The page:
An alternative, and preferred, embodiment of the method for forming the bimorph piezoelectric transducer structure described above, is to form the multilayer structure directly on a silicon substrate without any spacer material as described above but to free the bimorph cantilever from the substrate by etching through to the under surface of the cantilevered bimorph from the back side of the wafer.
A scanning tunneling microscope according to the teachings of the invention may be made by using any of the processes described herein to manufacture a bimorph tip movement structure and then placing the tip sufficiently close to a conductive surface to be scanned such as by attaching to the substrate on which the bimorph is integrated another wafer containing the conductive surface to be scanned. Suitable known control circuitry may then be integrated on either substrate if it is of semiconductor material to sense the tunneling current and to control the voltages applied to the electrodes of the bimorph.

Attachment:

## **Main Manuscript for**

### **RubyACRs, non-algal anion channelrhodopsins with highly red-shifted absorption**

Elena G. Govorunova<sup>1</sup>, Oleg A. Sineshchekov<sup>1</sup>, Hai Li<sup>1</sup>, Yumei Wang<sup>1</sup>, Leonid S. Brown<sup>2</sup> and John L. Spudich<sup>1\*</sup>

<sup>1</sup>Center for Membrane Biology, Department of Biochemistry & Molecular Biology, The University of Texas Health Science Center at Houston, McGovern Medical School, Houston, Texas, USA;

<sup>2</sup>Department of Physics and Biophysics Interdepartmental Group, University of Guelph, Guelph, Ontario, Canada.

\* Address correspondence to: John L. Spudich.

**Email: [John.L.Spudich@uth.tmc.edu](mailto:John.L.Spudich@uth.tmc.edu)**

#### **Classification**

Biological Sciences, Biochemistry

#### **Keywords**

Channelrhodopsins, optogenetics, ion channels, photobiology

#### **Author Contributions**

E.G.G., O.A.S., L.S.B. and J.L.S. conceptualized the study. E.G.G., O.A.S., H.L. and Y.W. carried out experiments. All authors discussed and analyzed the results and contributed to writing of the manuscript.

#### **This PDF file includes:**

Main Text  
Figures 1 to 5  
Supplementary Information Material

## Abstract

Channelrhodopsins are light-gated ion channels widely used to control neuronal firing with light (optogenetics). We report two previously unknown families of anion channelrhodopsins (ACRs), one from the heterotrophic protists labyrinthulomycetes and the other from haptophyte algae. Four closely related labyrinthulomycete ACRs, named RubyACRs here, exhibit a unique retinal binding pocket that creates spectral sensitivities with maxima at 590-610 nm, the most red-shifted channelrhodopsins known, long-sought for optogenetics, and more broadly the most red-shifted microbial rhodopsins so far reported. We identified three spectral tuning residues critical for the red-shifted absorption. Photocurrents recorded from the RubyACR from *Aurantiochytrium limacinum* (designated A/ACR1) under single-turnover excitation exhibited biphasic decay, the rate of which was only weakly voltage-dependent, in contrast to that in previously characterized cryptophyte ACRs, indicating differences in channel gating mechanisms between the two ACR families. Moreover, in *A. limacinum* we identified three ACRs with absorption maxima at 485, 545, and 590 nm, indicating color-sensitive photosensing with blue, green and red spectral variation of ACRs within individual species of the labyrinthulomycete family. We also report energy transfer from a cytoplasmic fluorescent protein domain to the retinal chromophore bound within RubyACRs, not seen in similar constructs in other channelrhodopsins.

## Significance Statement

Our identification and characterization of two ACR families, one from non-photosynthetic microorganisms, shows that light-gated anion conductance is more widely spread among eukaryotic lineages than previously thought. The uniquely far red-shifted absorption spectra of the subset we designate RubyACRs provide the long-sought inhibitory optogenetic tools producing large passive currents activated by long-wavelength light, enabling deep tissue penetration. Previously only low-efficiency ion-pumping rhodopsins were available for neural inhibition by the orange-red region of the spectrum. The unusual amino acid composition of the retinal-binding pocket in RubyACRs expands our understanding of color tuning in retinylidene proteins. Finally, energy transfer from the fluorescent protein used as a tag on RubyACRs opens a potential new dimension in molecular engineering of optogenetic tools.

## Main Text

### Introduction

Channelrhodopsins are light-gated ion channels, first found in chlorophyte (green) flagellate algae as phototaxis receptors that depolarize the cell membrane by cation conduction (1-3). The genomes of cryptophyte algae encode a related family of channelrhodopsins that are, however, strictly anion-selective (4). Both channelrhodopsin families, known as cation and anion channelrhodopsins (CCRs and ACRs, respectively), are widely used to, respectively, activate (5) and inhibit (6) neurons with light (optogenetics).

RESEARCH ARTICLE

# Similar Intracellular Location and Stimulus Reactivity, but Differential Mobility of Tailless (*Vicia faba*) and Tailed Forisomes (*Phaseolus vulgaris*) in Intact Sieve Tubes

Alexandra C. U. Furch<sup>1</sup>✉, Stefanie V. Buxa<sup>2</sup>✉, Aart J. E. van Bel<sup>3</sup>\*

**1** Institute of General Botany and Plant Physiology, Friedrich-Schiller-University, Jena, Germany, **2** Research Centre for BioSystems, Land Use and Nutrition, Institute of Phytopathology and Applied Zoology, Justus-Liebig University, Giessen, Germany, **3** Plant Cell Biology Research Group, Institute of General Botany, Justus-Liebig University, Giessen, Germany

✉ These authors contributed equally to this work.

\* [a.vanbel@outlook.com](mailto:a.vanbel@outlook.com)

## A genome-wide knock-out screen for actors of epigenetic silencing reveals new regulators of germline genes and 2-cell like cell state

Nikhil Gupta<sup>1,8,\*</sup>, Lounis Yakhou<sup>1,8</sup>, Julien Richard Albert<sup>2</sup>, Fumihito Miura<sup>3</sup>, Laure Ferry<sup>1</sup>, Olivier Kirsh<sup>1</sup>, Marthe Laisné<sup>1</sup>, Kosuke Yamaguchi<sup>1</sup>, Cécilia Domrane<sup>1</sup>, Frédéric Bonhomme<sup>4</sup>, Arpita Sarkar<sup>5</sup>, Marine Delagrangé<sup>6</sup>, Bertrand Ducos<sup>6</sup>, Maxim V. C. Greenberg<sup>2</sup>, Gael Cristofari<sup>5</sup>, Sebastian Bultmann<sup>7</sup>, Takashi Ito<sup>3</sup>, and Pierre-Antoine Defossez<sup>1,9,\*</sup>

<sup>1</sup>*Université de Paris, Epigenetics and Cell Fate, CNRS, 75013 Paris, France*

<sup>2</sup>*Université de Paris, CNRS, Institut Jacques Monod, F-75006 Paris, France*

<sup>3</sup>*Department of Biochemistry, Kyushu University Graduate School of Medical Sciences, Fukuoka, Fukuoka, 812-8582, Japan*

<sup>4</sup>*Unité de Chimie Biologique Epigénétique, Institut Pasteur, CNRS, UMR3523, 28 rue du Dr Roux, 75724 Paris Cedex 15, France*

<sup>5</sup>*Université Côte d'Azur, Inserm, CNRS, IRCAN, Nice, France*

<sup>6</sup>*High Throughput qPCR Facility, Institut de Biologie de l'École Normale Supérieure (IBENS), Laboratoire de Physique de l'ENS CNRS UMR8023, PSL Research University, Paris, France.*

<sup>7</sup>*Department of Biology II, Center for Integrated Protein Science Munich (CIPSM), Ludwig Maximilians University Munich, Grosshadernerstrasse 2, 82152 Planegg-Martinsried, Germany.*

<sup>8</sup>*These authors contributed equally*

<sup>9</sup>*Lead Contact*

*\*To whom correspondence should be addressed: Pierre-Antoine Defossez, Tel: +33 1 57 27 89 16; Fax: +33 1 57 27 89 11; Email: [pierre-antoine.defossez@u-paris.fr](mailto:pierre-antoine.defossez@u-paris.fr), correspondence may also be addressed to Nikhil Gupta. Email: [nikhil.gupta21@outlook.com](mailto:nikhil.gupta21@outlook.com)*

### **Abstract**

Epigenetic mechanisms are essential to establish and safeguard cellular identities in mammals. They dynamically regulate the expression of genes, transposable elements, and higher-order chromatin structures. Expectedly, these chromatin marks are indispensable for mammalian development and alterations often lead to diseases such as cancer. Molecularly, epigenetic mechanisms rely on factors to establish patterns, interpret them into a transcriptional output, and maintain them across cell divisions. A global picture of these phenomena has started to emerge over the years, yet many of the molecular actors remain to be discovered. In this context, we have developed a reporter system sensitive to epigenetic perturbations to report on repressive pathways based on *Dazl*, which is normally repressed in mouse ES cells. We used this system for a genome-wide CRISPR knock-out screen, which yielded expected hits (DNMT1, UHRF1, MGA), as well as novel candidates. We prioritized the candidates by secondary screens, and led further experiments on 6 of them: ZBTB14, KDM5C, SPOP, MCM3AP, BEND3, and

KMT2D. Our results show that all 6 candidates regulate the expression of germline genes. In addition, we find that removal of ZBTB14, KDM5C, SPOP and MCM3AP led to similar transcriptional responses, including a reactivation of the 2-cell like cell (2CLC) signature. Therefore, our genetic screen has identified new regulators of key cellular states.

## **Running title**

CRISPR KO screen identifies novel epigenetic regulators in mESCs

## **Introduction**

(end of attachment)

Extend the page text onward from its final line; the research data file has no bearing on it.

The scanning tunneling microscope structures in integrated form described herein have many potential applications including imaging at the atomic level, atomic scale lithography and mass storage. Mass storage systems of very high density can be formed using such a structure by defining a discrete number of "cells" within the raster scannable surface of a conductive plane formed adjacent to the tip. Each cell constitutes one memory location. Each memory location is written as a 1 or 0 by depositing a molecule of sufficient size to be detected by the scanning tunneling microscope within each cell to form a 1 and not depositing such a molecule in the cell to form a 0. As the scanning tunneling microscope raster scans over such a surface, those cells wherein molecules are deposited are read as ones as the tip is forced by its control system to move away from the surface to maintain a steady tunneling current as the tip passes over the molecule. Essentially, the molecule forms a "hill" in an otherwise smooth surface. This hill causes the distance between the tip and the top of the molecule to decrease, thereby substantially increasing the tunneling current. The control system detects this increase and sends the appropriate voltages to the bimorph cantilever to cause the tip to move away from the surface sufficiently to bring the tunneling current back down to the constant level for which the system is calibrated. This movement of the tip or change in the voltages sent to the bimorph electrodes is detected and read as a logic 1. Other circuitry keeps track of the tip position and signals as each new cell is traversed. Thus, such a movement of a tip as it traverses a particular cell can be read as a 1 and lack of movement as it traverses another cell can be read as a 0. Such mass storage systems have the potential for tremendous information storage density because of the small, atomic scale dimensions involved.